This Washington Post article sets outs the proposals for work subsidies for low wage workers from Nobel laureate economist Edmund Phelps

    I am heavily engaged at present with Alter (council tax reform) and the APPG on Land Value Capture (Reform of the 1961 Land Compensation Act), so would not be able to devote much time to drafting a conference motion at this time. This may be a suitable proposal for the Social Liberal Forum to develop and take forward and I would be happy to help with an approach to the group as an initial step.

  • Peter Martin 13th Mar '20 - 8:52am

    @ Michael BG,

    “I am not sure that what Pavlina R. Tcherneva advocates is what we would consider as bottom-up.”

    The concept of the JG naturally incorporates the notion of “bottom-up”. Anyone running a business will naturally want to hire “off the top”. In other words, they’ll want to have a choice of several candidates for any particular job and select the best one. One problem of conventional Keynesian thinking is that increasing aggregate demand also increases the demand for the most able and employable workers which can create an inflation problem long before those less able and less employable workers get a look-in.

    This is particularly problematic for those with mental and physical disabilities. The JG simply ignores all disabilities. As JoeB puts it: The JG ” “takes workers as they are.”

    @ JoeB,

    You seem quite taken by Pavlina R. Tcherneva. She’s an expert on the JG as you say but her expertise isn’t limited to that.

    Her economic POV is very close to my own! I’d be interested to know if you can find any significant differences between us at all.

  • Joseph Bourke,

    Your quotation from Pavlina R Tcherneva is about employing low skilled people and my concern is about people with skills doing jobs where they don’t use them and so their skills while doing a Job Guarantee job are not kept up to date and what they did during their Job Guarantee job will not help them get a job in their previous occupation. I have already pointed out that I have concerns that Job Guarantee jobs would only be low skilled ones only to meet perceived social needs.

    I too have things which need working on before I would be able to work with you to draft a comprehensive motion on a voluntary Job Guarantee scheme. Perhaps we should revisit working together on this motion at the start of next year.

    Peter Martin,

    Your discussion of “bottom-up” shows that what you are talking about is not what we (Liberal Democrat Party members) mean by “bottom-up”, which was my point, not that the provision of jobs for those at the bottom of the job market is a bad thing. If we identify that increasing aggregate demand would encourage employers to increase wages so they can attract workers already in employment rather than taking those unemployed or on a Job Guarantee scheme then we might need to provide incentives to employers to employ from these later groups. I think we might need to provide incentives to employers to employ people who receive employment and support allowance as well.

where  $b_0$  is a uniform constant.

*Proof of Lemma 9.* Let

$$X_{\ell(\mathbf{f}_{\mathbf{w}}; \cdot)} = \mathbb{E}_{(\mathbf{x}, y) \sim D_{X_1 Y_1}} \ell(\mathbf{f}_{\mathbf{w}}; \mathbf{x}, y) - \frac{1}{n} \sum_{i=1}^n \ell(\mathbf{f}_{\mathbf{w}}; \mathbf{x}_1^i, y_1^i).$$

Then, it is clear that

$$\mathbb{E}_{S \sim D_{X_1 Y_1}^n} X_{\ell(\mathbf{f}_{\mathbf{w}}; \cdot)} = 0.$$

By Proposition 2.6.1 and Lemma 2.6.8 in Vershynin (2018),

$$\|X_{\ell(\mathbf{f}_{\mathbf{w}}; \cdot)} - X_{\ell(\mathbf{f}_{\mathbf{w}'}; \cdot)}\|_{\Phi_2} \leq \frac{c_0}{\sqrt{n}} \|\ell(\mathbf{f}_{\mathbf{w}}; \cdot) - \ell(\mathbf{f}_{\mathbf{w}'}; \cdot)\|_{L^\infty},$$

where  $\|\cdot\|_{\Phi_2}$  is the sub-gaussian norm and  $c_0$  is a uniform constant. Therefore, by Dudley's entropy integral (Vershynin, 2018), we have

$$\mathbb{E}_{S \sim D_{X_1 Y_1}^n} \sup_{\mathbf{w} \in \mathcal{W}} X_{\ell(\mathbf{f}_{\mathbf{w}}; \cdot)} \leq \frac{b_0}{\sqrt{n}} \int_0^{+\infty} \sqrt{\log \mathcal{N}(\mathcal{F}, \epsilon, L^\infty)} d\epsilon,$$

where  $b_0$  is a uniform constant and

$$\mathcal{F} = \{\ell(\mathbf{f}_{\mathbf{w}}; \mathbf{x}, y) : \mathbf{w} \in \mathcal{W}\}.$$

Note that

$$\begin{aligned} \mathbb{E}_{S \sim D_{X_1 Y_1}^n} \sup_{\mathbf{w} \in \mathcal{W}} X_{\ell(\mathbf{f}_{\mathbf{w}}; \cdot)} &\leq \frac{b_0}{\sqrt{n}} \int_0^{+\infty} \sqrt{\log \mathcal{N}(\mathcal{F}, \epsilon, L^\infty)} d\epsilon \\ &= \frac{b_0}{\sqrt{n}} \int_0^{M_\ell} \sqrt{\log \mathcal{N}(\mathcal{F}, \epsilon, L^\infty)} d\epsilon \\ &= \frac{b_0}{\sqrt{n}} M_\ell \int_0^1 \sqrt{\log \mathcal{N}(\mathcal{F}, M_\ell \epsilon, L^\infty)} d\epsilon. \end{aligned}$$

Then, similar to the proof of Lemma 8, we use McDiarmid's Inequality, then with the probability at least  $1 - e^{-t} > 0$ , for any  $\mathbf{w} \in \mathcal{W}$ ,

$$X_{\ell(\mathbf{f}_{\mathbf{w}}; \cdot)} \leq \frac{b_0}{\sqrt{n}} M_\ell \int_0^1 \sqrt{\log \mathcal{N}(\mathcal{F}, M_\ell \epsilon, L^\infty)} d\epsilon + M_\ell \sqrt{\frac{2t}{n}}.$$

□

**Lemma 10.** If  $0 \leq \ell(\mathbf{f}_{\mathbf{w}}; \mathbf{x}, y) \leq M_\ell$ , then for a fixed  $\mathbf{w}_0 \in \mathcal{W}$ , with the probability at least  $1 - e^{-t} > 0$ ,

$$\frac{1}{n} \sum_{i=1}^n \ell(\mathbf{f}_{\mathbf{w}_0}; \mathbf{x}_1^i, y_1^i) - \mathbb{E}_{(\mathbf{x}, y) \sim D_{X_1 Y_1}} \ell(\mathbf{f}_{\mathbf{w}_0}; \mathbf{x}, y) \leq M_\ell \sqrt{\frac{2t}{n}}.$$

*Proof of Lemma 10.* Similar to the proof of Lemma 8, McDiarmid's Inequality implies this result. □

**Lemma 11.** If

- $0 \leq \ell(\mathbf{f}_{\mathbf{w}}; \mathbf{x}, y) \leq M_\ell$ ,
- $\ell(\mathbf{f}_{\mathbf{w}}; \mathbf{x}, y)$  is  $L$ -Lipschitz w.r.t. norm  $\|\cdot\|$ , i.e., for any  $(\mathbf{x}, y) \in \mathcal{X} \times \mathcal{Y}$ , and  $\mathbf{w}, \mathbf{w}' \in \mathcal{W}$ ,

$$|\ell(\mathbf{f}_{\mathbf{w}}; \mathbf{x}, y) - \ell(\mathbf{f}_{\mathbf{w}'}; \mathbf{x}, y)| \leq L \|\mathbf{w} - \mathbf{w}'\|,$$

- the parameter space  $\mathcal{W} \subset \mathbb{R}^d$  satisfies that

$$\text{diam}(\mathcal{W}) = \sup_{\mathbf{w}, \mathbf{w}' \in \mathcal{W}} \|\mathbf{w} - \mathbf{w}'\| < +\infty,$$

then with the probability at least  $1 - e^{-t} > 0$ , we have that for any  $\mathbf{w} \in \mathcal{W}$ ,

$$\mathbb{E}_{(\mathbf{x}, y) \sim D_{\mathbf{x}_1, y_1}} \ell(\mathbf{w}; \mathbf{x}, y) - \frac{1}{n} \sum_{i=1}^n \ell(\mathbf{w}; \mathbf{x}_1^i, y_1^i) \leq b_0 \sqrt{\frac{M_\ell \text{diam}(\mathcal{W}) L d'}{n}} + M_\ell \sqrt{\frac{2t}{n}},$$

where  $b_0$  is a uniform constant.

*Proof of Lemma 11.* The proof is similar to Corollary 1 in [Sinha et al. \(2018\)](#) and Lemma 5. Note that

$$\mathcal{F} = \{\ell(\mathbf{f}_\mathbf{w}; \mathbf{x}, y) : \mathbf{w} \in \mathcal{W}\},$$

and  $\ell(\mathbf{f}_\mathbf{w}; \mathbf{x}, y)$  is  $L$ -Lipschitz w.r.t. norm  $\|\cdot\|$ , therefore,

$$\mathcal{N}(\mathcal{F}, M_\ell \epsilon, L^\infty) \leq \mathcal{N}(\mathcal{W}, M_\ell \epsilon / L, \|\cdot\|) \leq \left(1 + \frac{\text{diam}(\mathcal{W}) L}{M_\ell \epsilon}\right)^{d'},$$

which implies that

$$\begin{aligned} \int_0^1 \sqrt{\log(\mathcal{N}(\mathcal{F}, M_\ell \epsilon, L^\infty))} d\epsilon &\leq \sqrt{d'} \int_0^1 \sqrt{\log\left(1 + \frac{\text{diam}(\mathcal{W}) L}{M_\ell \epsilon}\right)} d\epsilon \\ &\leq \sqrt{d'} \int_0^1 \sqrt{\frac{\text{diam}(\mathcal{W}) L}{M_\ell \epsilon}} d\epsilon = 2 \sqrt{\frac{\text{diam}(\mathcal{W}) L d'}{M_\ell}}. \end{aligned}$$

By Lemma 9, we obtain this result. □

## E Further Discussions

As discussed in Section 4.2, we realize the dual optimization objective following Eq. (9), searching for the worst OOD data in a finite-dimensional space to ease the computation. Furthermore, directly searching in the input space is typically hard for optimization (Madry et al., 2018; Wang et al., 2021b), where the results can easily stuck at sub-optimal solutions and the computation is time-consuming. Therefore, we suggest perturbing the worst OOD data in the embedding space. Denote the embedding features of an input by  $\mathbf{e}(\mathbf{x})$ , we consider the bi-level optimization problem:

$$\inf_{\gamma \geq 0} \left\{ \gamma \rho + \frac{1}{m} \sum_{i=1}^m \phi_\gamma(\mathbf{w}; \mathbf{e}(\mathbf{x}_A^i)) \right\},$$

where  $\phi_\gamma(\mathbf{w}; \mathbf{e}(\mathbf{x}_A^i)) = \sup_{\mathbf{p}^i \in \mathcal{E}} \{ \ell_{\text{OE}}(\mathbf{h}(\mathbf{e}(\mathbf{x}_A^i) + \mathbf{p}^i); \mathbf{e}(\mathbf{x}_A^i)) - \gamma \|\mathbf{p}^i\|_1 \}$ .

• Peter Martin,

    Tcherneva. has published detailed research on job guarantee programs that have been developed in other countries and her articles offer real world experience alongside practical policy recommendations that can be put in place regardless of whether it is initially deficit financed or tax funded.
    I think her focus on effective demand, automatic stabilisers and a bottom-up approach is the right policy framework, although I find the arguments around job guarantees as an inflation anchor a little less convincing. I would also disagree that job guarantees should seek to replace social security or unemployment benefits. I see it in terms of targeting long-term and youth unemployment rather than cyclical unemployment. I also think it should run alongside a minimum income guarantee as it won’t be suitable for everyone, particularly single parents with pre-school children.
    I would also suggest that deficit spending needs to be managed over the business cycle not only with regard to potential inflationary consequences, but also to ensure efficiency and value for money in both current and investment spending (including debt service costs); to maintain the confidence of financial markets; to provide for fiscal headroom in dealing with shocks and downturns; and to allow for increasing demands on the working population to provide healthcare services and pensions for a rapidly growing number of retirees.

  • Peter Martin 14th Mar '20 - 9:14am

    @ JoeB,

    “…regardless of whether it is initially deficit financed or tax funded”

    I doubt if Prof Tcherneva would let that comment go unchallenged. She’d say taxes imposed by a currency issuer are for preventing inflation not for funding government spending. Such governments neither have nor do not have any money etc etc.

    I would agree with you that this should be the way the JG is introduced. Whether it then becomes something which does work as an anchor against inflation is something that can be decided later. The idea is that the hourly rate for a worker becomes a sort of standard. This does raise the problem of what happens if workers aren’t happy with the rate and if they can challenge it via union activity.

    This is the theory of how it works:

    Incidentally, any political body with the authority to levy taxes could do the same thing and create their own currency. A possible solution for cash strapped local councils?